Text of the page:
Sierra Club Challenges Utility’s Plan to Haul Coal Ash on Rivers

Pittsburgh Post-Gazette
23 October 2015
By Don Hopey

A FirstEnergy Corp. plan to use barges to haul coal ash 113 miles up the Ohio and Monongahela rivers jeopardizes the rivers and nearby residents, according to the Sierra Club, which is appealing the company’s state permit.

FirstEnergy would transport the coal ash from the Bruce Mansfield power plant in Beaver County to its landfill near the shuttered Hatfields Ferry power plant in Greene County.

The appeal of the state Department of Environmental Protection permit issued a month ago was filed Thursday with the Pennsylvania Environmental Hearing Board by Earthjustice, an environmental law firm based in Washington, D.C., that is representing the Sierra Club.

“We have some problems with the shipping process, which involves a lot of risk to the rivers and the people who live along the rivers,” said Charles McPhedran, an Earthjustice attorney, who added that in July the groups also appealed DEP’s decision to reissue the expired permit for FirstEnergy’s Greene County ash landfill.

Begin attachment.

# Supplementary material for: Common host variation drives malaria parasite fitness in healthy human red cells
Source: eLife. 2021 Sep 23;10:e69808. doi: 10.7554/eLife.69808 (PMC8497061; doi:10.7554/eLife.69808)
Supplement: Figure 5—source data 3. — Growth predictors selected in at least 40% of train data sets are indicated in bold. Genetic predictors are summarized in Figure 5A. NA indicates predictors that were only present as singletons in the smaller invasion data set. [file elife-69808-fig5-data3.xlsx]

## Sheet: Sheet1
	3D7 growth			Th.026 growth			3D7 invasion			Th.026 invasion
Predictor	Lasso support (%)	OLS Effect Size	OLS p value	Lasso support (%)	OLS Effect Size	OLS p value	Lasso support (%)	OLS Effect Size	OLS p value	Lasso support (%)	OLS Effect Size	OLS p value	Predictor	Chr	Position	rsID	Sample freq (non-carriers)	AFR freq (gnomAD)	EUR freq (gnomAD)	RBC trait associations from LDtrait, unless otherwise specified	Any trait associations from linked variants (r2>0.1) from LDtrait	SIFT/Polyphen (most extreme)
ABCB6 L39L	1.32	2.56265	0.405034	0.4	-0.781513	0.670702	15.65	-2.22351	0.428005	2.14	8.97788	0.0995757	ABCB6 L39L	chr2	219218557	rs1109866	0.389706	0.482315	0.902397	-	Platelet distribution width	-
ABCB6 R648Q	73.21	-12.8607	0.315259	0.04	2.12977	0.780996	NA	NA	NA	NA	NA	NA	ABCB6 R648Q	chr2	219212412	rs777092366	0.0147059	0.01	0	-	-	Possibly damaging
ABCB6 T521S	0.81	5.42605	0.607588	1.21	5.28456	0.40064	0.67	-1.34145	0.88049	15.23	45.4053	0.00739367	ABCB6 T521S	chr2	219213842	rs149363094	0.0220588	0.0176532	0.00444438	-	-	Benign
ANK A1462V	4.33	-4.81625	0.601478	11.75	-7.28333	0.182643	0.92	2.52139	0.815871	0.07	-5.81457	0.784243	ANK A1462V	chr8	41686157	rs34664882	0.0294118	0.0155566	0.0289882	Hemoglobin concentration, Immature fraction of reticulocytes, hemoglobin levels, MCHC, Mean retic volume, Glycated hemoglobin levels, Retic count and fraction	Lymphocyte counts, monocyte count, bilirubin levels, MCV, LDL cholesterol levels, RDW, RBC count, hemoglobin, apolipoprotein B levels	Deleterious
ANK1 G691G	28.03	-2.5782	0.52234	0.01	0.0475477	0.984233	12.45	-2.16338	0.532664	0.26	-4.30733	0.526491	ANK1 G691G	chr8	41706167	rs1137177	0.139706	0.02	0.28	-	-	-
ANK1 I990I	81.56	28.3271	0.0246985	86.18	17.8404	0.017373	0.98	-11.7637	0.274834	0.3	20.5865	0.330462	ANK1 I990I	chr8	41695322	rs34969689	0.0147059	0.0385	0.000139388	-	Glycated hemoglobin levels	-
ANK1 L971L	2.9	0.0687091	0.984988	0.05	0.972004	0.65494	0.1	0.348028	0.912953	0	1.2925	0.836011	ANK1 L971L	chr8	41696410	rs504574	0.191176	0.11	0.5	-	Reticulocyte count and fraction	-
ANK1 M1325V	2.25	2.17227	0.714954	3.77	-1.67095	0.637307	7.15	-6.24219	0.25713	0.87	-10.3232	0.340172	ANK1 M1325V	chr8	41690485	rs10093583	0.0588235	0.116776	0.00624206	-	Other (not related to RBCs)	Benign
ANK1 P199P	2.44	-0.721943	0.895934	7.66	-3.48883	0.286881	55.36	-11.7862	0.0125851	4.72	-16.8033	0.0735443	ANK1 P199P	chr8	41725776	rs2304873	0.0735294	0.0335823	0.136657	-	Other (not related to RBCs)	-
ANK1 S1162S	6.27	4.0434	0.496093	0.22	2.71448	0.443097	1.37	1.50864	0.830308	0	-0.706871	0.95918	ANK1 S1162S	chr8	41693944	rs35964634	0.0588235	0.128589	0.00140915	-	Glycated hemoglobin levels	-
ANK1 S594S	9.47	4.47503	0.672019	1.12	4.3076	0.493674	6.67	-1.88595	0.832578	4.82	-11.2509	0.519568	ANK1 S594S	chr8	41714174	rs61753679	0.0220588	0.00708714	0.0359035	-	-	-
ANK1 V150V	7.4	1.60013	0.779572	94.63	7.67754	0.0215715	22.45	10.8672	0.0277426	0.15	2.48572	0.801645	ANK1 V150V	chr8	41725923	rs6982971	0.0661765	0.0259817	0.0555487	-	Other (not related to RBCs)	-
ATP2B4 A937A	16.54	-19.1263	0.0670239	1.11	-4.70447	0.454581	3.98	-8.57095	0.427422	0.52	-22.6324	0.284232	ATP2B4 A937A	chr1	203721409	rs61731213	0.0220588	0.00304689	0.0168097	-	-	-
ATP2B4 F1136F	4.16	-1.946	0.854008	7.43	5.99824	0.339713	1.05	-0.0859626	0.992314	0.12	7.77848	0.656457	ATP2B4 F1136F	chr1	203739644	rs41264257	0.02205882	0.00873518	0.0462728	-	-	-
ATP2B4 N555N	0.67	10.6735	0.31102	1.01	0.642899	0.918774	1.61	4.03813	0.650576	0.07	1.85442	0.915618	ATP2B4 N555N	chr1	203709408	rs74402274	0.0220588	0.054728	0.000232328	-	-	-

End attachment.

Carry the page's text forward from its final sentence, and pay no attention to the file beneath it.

Stephanie Walton, a FirstEnergy spokeswoman, said the company is reviewing the Sierra Club objections and would respond during the appeal process. She noted that the permit to use the Greene County landfill remains in effect but that the barge shipments would not begin until January 2017.

That’s when the Akron-based electric utility company is required by a federal consent order to close its 40-year-old Little Blue Run ash impoundment — the largest in the U.S. — in part because that unlined facility, which straddles the Pennsylvania-West Virginia line, is seeping pollutants and has contaminated groundwater and surface water in Beaver County.

The Sierra Club objects to FirstEnergy’s plans to move the Bruce Mansfield ash to the Greene County landfill because that facility has also leaked and contaminated groundwater.

“The landfill at Hatsfields Ferry is a proven damage case with documented instances over the last decade of pollutants from the landfill leaching into the groundwater,” said Tom Schuster, who heads the Sierra Club’s Beyond Coal Campaign in Pennsylvania. “And it’s ongoing.”

He said arsenic, a carcinogen that can also cause liver, kidney and nervous system damage, has been found in monitoring wells around the Greene County ash disposal site in concentrations up to 342 times the legal limit for drinking water.

FirstEnergy’s Bruce Mansfield coal-fired power plant in Shippingport is the largest in the state. It burns about 7 million tons of coal a year, and produces between 2.5 million and 3.5 million tons of coal ash and smokestack scrubber waste. The company is building a $200 million facility to remove water from the ash slurry and a river terminal to load the ash and waste materials onto barges.

Don Hopey: 412-263- 1983, or on Twitter @donhopey